- A common enteric bacterial disease transmitted by ingestion of contaminated food or water
- Most cases in the United States are imported from endemic areas of South or Southeast Asia and Latin America.
- Multiple drug-resistant (MDRO) salmonellae are increasingly common worldwide, particularly in Latin America and Asia.
- Extensively drug-resistant (XDR) salmonella infections have emerged in Asia with outbreaks originating in Pakistan in 2016. Importation via travel and secondary (non-travel) related cases occurred in United States (1).
- Typhoid fever is an acute systemic illness in humans caused by Salmonella typhi (2).
- Classic example of enteric fever caused by Salmonella bacterium
- Enteric fevers due to Salmonella paratyphi and other Salmonella spp. can present in a manner similar to classic typhoid fever.
- Typhoid is endemic in developing nations with poor sanitation. Most cases in North America and other developed nations are acquired after travel to disease-endemic areas.
- Travelers are at greater risk of typhoid.
- Mode of transmission is fecal–oral through ingestion of contaminated food (poultry or milk) or water.
- Incubation period varies from 7 to 21 days.
- System(s) affected: gastrointestinal; pulmonary; skin/exocrine
- Synonym(s): typhoid; typhus abdominalis; enteric fever; nervous fever; slow fever
Disease is more serious in the elderly.
Disease is more serious in infants and children.
Although typhoid outbreaks have been described in the United States, most cases are reported in international travelers returning from endemic transmission areas.
- Predominant age: all ages
- Predominant sex: male = female
In the United States, 300 to 500 new cases per year. Worldwide, typhoid fever infects over 21 million people/year with ~ 200,000 deaths.
Etiology and Pathophysiology
- Historically, typhoid fever (untreated) occurs in several week-long stages.
- The initial infection is transmitted via the fecal–oral route, with resultant bacteremia and sepsis. Involvement of the bowel wall (Peyer patch) rarely may be associated with bleeding from the bowel or bowel perforation.
- The first stage involves fluctuations in temperature with relative bradycardia (Faget sign). Other symptoms include headache, cough, malaise, epistaxis, and abdominal pain.
- The second stage involves higher fever (with persistent relative bradycardia). Mental status changes are possible (agitation—“nervous fever”). Rose spots appear on the chest and abdomen. In some patients, abdominal pain is common as is constipation or diarrhea (with characteristic malodorous “pea soup” appearance).
- The third week is when most complications occur due to intestinal hemorrhage or encephalitis.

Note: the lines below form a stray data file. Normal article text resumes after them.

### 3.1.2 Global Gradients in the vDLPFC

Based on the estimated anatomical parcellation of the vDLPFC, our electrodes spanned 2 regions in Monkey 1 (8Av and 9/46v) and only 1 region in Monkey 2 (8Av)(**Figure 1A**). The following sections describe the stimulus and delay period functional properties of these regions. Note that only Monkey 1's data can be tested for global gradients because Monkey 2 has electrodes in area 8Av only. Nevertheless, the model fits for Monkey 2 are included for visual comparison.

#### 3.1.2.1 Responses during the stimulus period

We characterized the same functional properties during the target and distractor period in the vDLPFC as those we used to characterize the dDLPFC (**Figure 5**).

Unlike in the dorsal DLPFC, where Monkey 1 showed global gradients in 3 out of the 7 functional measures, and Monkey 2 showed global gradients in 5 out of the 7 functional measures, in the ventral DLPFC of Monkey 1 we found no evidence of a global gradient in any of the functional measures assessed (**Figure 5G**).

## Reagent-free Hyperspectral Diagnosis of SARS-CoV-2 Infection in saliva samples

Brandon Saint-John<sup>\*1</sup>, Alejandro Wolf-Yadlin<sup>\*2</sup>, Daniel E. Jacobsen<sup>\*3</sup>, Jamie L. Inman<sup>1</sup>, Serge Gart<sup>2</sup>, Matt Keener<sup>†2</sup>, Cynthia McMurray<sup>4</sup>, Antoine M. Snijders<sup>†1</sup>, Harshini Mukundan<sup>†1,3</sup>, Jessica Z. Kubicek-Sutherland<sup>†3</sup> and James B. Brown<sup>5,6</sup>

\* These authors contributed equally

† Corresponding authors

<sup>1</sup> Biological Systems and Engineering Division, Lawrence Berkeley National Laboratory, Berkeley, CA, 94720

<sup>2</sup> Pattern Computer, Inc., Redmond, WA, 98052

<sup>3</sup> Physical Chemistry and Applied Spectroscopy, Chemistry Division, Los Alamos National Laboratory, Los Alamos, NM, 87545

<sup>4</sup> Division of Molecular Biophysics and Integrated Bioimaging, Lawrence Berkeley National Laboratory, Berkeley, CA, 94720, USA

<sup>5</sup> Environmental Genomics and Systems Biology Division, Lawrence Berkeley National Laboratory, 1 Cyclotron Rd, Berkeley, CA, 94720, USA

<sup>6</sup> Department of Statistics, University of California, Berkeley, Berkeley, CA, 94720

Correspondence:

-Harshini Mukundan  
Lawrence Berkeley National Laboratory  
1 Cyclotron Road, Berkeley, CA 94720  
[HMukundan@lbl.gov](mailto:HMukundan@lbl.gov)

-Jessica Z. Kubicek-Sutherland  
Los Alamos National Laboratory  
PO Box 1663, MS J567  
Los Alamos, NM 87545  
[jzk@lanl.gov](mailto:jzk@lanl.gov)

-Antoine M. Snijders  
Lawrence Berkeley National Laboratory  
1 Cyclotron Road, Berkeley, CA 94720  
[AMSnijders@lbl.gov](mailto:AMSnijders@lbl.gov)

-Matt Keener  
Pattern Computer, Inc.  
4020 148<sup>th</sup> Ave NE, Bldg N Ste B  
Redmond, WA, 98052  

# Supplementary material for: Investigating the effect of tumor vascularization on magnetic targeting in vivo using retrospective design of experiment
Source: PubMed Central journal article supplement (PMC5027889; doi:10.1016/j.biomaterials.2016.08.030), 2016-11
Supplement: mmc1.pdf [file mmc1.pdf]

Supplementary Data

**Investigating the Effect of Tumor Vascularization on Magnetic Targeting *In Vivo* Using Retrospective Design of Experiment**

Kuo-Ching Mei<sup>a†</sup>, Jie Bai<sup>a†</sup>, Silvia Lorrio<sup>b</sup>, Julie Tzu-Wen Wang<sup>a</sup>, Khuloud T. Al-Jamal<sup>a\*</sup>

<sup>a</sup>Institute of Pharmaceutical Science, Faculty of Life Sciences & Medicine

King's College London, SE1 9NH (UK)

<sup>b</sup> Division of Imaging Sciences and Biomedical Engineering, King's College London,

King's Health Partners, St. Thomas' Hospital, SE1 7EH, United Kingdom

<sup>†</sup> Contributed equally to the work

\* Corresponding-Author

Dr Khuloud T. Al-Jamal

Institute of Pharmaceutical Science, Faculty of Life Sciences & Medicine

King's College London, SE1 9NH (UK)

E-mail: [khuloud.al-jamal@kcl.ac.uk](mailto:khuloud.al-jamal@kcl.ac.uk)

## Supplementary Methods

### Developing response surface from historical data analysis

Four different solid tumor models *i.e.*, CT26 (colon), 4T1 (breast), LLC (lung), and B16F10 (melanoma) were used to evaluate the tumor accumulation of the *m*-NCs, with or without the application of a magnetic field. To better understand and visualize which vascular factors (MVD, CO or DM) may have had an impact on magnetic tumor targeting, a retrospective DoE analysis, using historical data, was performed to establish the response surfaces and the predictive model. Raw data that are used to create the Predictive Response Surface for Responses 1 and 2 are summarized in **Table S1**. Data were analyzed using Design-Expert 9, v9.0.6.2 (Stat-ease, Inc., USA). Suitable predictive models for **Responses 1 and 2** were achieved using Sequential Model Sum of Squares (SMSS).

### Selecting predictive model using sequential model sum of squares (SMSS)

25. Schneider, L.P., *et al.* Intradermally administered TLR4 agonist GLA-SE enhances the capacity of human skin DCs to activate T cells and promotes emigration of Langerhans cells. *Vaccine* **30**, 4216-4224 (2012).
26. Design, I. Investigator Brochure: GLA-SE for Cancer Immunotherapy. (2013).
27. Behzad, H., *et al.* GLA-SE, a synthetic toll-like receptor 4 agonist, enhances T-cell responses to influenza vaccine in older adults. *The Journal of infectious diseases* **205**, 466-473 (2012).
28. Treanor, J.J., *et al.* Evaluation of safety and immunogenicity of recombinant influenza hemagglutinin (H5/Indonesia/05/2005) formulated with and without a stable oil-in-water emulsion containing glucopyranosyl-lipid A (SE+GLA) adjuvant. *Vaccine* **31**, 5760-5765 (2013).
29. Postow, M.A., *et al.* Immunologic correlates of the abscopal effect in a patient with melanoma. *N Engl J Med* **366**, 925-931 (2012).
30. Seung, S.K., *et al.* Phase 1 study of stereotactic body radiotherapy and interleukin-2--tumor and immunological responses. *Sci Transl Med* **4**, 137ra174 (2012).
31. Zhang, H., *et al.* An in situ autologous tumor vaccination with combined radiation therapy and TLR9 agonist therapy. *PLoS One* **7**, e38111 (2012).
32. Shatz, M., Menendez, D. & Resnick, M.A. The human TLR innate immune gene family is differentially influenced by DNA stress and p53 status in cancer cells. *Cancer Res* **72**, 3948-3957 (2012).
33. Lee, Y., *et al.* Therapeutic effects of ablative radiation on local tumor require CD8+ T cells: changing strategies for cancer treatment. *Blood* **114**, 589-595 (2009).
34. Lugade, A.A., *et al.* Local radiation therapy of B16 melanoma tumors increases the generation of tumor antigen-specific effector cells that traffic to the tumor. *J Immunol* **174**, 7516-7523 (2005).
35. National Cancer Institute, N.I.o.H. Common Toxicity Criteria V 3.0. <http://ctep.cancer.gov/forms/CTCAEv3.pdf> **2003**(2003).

- The final week is defervescence and recovery.
- A chronic carrier state may occur with S. typhi shedding in the stools. Potential person-to-person transmission may occur. In a chronic carrier state, S. typhi resides in the biliary tract and gallbladder. Chronic suppressive antimicrobials may clear the carrier state; in rare cases, cholecystectomy is performed to clear S. typhi carrier state.
- Consider in patients presenting with fever after tropical travel or exposure to a chronic carrier.
- Small inocula of S. typhi (~100,000 organisms) cause disease in >50% of healthy individuals.
- Food and water precautions help prevent all enteric infections, including typhoid fever.
- Avoid tap water, salad/raw vegetables, unpeeled fruits, and dairy products in tropical travel.
- Avoid undercooked poultry or poultry products left unrefrigerated for prolonged periods.
- Wash hands before and after food preparation.
- For high-risk travel to an endemic area, consider typhoid vaccination (3).
- Parenteral ViCPS or capsular polysaccharide typhoid vaccine (Typhim Vi) or
- Ty21a or live oral typhoid vaccine (Vivotif Berna), particularly if prolonged risk (>4 weeks)
- Consider vaccination for workers exposed to S. typhi or those with close contact with a carrier of S. typhi.
- Occupational health and safety precautions. Consider screening of domestic and commercial food handlers.
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Domino, Frank J., et al., editors. "Typhoid Fever." 5-Minute Clinical Consult, 27th ed., Wolters Kluwer, 2020. Medicine Central, im.unboundmedicine.com/medicine/view/5-Minute-Clinical-Consult/116627/all/Typhoid_Fever.
Typhoid Fever. In: Domino FJF, Baldor RAR, Golding JJ, et al, eds. 5-Minute Clinical Consult. Wolters Kluwer; 2020. https://im.unboundmedicine.com/medicine/view/5-Minute-Clinical-Consult/116627/all/Typhoid_Fever. Accessed June 10, 2023.
Typhoid Fever. (2020). In Domino, F. J., Baldor, R. A., Golding, J., & Stephens, M. B. (Eds.), 5-Minute Clinical Consult (27th ed.). Wolters Kluwer. https://im.unboundmedicine.com/medicine/view/5-Minute-Clinical-Consult/116627/all/Typhoid_Fever
Typhoid Fever [Internet]. In: Domino FJF, Baldor RAR, Golding JJ, Stephens MBM, editors. 5-Minute Clinical Consult. Wolters Kluwer; 2020. [cited 2023 June 10]. Available from: https://im.unboundmedicine.com/medicine/view/5-Minute-Clinical-Consult/116627/all/Typhoid_Fever.
* Article titles in AMA citation format should be in sentence-case
TY - ELEC T1 - Typhoid Fever ID - 116627 ED - Domino,Frank J, ED - Baldor,Robert A, ED - Golding,Jeremy, ED - Stephens,Mark B, BT - 5-Minute Clinical Consult, Updating UR - https://im.unboundmedicine.com/medicine/view/5-Minute-Clinical-Consult/116627/all/Typhoid_Fever PB - Wolters Kluwer ET - 27 DB - Medicine Central DP - Unbound Medicine ER -